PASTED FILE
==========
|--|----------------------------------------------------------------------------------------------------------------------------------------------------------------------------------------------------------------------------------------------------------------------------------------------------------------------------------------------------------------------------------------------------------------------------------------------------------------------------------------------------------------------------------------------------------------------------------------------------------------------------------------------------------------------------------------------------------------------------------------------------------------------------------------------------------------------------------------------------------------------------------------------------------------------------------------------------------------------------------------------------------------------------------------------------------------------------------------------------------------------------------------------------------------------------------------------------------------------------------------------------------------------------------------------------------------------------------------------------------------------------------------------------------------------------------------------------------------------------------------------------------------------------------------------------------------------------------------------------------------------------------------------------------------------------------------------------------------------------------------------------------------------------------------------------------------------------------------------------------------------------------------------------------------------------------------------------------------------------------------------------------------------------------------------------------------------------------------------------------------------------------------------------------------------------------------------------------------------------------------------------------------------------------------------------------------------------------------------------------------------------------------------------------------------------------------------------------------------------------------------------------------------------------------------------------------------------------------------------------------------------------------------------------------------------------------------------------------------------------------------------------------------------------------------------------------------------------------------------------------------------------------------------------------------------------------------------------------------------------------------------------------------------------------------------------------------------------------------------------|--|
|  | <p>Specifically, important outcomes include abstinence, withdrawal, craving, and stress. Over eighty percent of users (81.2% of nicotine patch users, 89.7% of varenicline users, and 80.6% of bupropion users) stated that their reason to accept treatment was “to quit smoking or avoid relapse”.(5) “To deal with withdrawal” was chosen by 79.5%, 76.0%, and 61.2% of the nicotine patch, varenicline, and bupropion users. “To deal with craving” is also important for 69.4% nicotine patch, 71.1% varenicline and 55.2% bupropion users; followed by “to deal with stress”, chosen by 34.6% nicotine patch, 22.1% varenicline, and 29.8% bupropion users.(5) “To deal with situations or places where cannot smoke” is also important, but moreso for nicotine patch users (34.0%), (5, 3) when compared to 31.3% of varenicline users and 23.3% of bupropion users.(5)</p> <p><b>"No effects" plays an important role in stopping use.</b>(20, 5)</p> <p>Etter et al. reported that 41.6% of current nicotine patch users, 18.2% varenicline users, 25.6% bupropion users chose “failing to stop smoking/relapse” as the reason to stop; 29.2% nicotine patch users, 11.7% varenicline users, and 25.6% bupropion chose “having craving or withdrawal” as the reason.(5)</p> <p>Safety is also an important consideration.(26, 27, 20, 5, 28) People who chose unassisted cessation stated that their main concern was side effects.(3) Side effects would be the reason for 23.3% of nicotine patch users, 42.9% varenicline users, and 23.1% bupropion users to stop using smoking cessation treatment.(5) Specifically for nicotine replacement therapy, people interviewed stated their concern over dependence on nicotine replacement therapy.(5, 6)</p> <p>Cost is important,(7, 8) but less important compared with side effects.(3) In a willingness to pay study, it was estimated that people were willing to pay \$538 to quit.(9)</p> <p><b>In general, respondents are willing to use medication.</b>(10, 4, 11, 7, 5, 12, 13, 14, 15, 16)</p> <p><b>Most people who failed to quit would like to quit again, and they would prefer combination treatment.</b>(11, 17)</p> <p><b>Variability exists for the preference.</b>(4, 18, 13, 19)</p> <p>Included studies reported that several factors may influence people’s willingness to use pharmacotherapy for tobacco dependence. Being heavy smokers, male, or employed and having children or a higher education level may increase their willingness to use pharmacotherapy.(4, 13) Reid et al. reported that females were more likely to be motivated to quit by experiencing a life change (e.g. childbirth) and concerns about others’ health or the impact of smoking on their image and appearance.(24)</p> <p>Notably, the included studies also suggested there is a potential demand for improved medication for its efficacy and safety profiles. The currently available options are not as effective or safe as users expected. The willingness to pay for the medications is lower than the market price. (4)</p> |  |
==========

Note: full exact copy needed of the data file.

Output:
|--|----------------------------------------------------------------------------------------------------------------------------------------------------------------------------------------------------------------------------------------------------------------------------------------------------------------------------------------------------------------------------------------------------------------------------------------------------------------------------------------------------------------------------------------------------------------------------------------------------------------------------------------------------------------------------------------------------------------------------------------------------------------------------------------------------------------------------------------------------------------------------------------------------------------------------------------------------------------------------------------------------------------------------------------------------------------------------------------------------------------------------------------------------------------------------------------------------------------------------------------------------------------------------------------------------------------------------------------------------------------------------------------------------------------------------------------------------------------------------------------------------------------------------------------------------------------------------------------------------------------------------------------------------------------------------------------------------------------------------------------------------------------------------------------------------------------------------------------------------------------------------------------------------------------------------------------------------------------------------------------------------------------------------------------------------------------------------------------------------------------------------------------------------------------------------------------------------------------------------------------------------------------------------------------------------------------------------------------------------------------------------------------------------------------------------------------------------------------------------------------------------------------------------------------------------------------------------------------------------------------------------------------------------------------------------------------------------------------------------------------------------------------------------------------------------------------------------------------------------------------------------------------------------------------------------------------------------------------------------------------------------------------------------------------------------------------------------------------------------------|--|
|  | <p>Specifically, important outcomes include abstinence, withdrawal, craving, and stress. Over eighty percent of users (81.2% of nicotine patch users, 89.7% of varenicline users, and 80.6% of bupropion users) stated that their reason to accept treatment was “to quit smoking or avoid relapse”.(5) “To deal with withdrawal” was chosen by 79.5%, 76.0%, and 61.2% of the nicotine patch, varenicline, and bupropion users. “To deal with craving” is also important for 69.4% nicotine patch, 71.1% varenicline and 55.2% bupropion users; followed by “to deal with stress”, chosen by 34.6% nicotine patch, 22.1% varenicline, and 29.8% bupropion users.(5) “To deal with situations or places where cannot smoke” is also important, but moreso for nicotine patch users (34.0%), (5, 3) when compared to 31.3% of varenicline users and 23.3% of bupropion users.(5)</p> <p><b>"No effects" plays an important role in stopping use.</b>(20, 5)</p> <p>Etter et al. reported that 41.6% of current nicotine patch users, 18.2% varenicline users, 25.6% bupropion users chose “failing to stop smoking/relapse” as the reason to stop; 29.2% nicotine patch users, 11.7% varenicline users, and 25.6% bupropion chose “having craving or withdrawal” as the reason.(5)</p> <p>Safety is also an important consideration.(26, 27, 20, 5, 28) People who chose unassisted cessation stated that their main concern was side effects.(3) Side effects would be the reason for 23.3% of nicotine patch users, 42.9% varenicline users, and 23.1% bupropion users to stop using smoking cessation treatment.(5) Specifically for nicotine replacement therapy, people interviewed stated their concern over dependence on nicotine replacement therapy.(5, 6)</p> <p>Cost is important,(7, 8) but less important compared with side effects.(3) In a willingness to pay study, it was estimated that people were willing to pay \$538 to quit.(9)</p> <p><b>In general, respondents are willing to use medication.</b>(10, 4, 11, 7, 5, 12, 13, 14, 15, 16)</p> <p><b>Most people who failed to quit would like to quit again, and they would prefer combination treatment.</b>(11, 17)</p> <p><b>Variability exists for the preference.</b>(4, 18, 13, 19)</p> <p>Included studies reported that several factors may influence people’s willingness to use pharmacotherapy for tobacco dependence. Being heavy smokers, male, or employed and having children or a higher education level may increase their willingness to use pharmacotherapy.(4, 13) Reid et al. reported that females were more likely to be motivated to quit by experiencing a life change (e.g. childbirth) and concerns about others’ health or the impact of smoking on their image and appearance.(24)</p> <p>Notably, the included studies also suggested there is a potential demand for improved medication for its efficacy and safety profiles. The currently available options are not as effective or safe as users expected. The willingness to pay for the medications is lower than the market price. (4)</p> |  |